Cults and Parental Alienation: A conversation with Steve Hassan

Steven Hassan Click for freedomofmind.com

You may know that Steven Hassan is a long-standing cult expert having learned about it when he was in the Moonies as a young man.

Steve is energetic and prolific. Read about his BITE model and the Influence Continuum. Watch his videos. Read his books.

You will gain hugely from learning about his story and his approach, even if your interest is in family high control patterns like domestic abuse or Parental Alienation.

A lot in common

Following Amy J Baker‘s lead, you may also know that, here on the alienation experience website, I’ve been pushing that same bridge out across all forms of ‘undue influence’ or ‘coercive control’.  In particular there is that strong overlap between how cults and Parental Alienation function.

Steve and others – eg in the Open Minds Foundation – have taken on this broader view of high control groups and relationships. There aren’t yet many conversations online that focus on this pattern they hold in common.

So I was pleased when Steve reached out in Parental Alienation’s direction too and got us talking.  Watch the YouTube video along with his commentary and links too on his Freedom of Mind blog (56 mins long). Or just click here to watch the video on its own:

I think this shows just how useful Amy’s (and my) idea is to grow the overlap between cults and Parental Alienation. But what do you think?!  Comments welcome below.

By the way, If you want to hear a real story that shows cults and abuse and Parental Alienation all in action together, here’s one of many many examples of how the coercion of a cult covers up and creates the other family coercions. In Nick French’s case, it’s finished off with a double whammy of alienation – being cut off from your loved ones by the cult’s punishment of shunning you for daring to disagree with them and leave.

Nick Child, Edinburgh

About Nick Child

Retired child and family shrink and family therapist living, working and playing in Edinburgh.

9 comments

  1. Carolyn Milbank

    Thank you to both Steven and Nick. This is a helpful discussion…and it makes me realise how complex these issues are.
    Hope to find the conference you mentioned Nick. Is it in Scotland?

    Like

  2. A number of people have responded elsewhere. They’ve agreed to me posting their comments here: First, Michael Denny from Australia:

    I really enjoyed this video of you with Steven Hassan It was so refreshing to hear two specialists in fields that are assumed to be very different however are actually very similar come together to talk about it. I hope that we can get to hear much more of this.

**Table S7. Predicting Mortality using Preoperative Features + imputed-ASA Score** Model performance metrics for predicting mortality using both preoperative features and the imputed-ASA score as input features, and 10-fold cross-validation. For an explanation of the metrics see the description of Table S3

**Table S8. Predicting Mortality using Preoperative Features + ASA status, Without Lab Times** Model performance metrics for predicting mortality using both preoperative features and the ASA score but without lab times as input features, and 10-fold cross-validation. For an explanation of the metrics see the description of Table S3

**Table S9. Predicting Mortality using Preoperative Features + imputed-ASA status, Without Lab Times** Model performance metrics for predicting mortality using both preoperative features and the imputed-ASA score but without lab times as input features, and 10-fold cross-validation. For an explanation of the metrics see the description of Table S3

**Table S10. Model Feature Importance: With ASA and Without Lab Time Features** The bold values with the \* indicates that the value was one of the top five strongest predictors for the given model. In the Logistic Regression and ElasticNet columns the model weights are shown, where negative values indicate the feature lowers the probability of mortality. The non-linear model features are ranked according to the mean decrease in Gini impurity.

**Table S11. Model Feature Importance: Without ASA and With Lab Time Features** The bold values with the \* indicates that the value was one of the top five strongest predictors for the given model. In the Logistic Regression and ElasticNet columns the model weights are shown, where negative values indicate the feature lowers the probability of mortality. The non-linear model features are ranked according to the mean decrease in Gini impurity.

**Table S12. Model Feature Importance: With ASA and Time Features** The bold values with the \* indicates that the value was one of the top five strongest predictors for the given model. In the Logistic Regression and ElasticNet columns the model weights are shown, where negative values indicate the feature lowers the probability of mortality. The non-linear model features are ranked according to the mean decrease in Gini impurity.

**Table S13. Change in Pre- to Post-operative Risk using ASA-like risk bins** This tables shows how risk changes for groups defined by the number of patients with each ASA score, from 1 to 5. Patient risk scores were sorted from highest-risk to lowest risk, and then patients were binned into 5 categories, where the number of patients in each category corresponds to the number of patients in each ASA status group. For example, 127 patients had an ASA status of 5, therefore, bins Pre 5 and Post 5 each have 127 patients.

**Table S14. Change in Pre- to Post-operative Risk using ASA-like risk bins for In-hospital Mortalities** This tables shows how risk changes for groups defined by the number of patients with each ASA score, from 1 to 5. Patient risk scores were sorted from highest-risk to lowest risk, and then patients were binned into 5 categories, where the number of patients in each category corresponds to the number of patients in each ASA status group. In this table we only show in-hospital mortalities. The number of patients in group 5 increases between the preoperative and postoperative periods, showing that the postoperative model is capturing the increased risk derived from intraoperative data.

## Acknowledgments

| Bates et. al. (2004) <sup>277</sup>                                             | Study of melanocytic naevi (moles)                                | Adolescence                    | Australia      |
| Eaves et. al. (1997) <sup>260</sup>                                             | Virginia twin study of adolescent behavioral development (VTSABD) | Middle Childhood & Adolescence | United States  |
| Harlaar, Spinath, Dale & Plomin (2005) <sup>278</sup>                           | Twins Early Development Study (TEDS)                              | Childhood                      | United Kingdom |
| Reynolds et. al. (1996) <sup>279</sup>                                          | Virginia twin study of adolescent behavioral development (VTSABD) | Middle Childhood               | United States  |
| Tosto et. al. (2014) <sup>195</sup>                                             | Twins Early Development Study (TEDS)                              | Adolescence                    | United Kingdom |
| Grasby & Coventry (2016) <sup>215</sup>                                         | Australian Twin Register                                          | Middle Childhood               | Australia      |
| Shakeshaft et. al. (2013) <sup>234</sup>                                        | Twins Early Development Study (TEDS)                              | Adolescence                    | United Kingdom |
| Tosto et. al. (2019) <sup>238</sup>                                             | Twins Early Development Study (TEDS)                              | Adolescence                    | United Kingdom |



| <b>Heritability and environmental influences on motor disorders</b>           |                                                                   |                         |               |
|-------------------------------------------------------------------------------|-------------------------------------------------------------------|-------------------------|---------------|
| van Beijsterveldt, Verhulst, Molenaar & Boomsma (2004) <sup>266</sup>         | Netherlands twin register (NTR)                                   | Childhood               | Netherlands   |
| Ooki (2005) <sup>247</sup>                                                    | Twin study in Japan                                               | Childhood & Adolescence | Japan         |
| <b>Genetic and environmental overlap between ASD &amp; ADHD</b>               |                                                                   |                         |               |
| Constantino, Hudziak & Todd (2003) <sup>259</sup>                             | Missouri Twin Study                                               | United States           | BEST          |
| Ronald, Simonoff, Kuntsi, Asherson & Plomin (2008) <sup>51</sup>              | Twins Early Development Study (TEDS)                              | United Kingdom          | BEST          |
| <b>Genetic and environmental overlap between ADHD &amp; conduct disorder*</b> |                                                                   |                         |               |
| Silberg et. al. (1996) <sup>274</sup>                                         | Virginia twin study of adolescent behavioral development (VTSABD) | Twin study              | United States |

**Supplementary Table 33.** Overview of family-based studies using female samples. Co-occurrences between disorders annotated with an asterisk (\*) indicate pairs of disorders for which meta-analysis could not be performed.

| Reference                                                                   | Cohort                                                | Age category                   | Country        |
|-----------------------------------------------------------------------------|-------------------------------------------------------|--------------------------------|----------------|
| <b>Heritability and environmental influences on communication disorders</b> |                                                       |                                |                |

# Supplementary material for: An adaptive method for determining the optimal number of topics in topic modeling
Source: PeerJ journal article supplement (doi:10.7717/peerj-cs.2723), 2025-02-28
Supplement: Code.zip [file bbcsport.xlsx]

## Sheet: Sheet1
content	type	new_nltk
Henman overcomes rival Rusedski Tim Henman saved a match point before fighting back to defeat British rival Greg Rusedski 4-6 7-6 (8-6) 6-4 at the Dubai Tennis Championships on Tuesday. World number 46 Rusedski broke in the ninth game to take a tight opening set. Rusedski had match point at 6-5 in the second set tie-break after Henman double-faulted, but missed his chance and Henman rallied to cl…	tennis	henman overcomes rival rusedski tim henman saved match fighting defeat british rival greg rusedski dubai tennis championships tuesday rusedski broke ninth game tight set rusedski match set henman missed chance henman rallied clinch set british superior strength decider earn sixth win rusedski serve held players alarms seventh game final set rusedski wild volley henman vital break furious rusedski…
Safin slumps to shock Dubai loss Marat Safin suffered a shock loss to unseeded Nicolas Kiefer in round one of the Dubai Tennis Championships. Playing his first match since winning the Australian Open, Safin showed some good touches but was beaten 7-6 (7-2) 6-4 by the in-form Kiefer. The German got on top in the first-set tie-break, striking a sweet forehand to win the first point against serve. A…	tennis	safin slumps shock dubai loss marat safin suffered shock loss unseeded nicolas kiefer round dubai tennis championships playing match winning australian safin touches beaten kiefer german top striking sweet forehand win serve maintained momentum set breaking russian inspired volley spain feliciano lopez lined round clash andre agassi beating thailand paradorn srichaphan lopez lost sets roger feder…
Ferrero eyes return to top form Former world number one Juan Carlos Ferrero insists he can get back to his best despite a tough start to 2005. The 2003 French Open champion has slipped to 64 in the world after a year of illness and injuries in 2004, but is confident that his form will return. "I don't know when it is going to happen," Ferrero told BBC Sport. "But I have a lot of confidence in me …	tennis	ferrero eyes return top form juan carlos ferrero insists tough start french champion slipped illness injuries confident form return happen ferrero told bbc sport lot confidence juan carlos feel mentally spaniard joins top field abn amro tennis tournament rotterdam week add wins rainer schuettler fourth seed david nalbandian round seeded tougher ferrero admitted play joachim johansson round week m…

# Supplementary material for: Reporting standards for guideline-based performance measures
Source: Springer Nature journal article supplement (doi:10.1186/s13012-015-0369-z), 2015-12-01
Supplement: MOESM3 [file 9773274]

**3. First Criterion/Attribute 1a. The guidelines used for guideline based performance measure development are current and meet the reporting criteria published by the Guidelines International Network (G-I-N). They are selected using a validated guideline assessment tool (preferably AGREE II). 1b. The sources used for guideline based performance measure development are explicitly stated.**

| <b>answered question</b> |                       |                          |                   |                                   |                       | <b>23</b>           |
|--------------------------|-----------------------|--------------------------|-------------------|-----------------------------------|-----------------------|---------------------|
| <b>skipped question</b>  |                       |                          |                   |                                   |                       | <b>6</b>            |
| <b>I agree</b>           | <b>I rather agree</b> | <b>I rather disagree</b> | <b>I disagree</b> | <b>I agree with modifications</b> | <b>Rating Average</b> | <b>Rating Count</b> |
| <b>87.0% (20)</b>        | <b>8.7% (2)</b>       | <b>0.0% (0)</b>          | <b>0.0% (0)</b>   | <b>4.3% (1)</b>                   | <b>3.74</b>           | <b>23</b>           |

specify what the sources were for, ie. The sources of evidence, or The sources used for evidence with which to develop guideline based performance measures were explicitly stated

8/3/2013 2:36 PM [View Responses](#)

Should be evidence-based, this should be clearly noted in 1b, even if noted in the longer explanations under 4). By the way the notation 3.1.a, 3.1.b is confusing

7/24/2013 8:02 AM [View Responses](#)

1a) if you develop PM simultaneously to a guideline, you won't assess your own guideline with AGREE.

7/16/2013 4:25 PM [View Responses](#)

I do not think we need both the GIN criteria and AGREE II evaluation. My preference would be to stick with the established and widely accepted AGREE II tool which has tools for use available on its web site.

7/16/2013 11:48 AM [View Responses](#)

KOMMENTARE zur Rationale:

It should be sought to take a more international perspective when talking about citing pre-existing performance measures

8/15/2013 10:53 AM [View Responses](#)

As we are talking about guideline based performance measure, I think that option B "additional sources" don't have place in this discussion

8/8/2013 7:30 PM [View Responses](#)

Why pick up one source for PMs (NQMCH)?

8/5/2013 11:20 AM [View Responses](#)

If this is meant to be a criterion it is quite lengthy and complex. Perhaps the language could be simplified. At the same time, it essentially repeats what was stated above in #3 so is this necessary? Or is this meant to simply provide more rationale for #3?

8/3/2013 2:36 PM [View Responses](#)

What would be really fantastic next time is to bring into the discussion someone who was alienated as a child that escaped PA. A great candidate would be: https://danalaquidara.com/ although she is video camera shy.

    I read Dr Warshaks book ‘Divorce Poison’ 2010 edit and enjoyed it immensely. In your video you referred to a story by Dr Warshak in the second edit of ‘Divorce Poison’ where the Targeted Parent was able to get the child to snap out of PA. From what I have learned from people who were alienated as children is that by the Targeted Parent (TP) trying to get them to snap out of it will only push the child away and make it worse in many cases. Warshak seems to believe that children who are alienated are weak and in need of help. I would totally disagree with this.

    Try putting yourself in the shoes of a child in an alienation situation:
    -the Alienator confides in the child that the other parent has ruined their life in some terrible way (usually ended the marriage, took all their money or physically beat them);
    -the child believes the Alienator is weak and needs their help to protect them from the Targeted Parent and the rest of the outside world;
    -the child feels empowered;
    -the Alienator cuts off from contact anyone who does not support the Alienators story line;
    -the child is overwhelmed by people who believe the terrible things the Targeted Parent has allegedly done to the Alienator;
    -the child is told the Targeted Parent hates them with hurtful examples like they wanted them aborted;
    -the child is told the Targeted Parent abandoned them;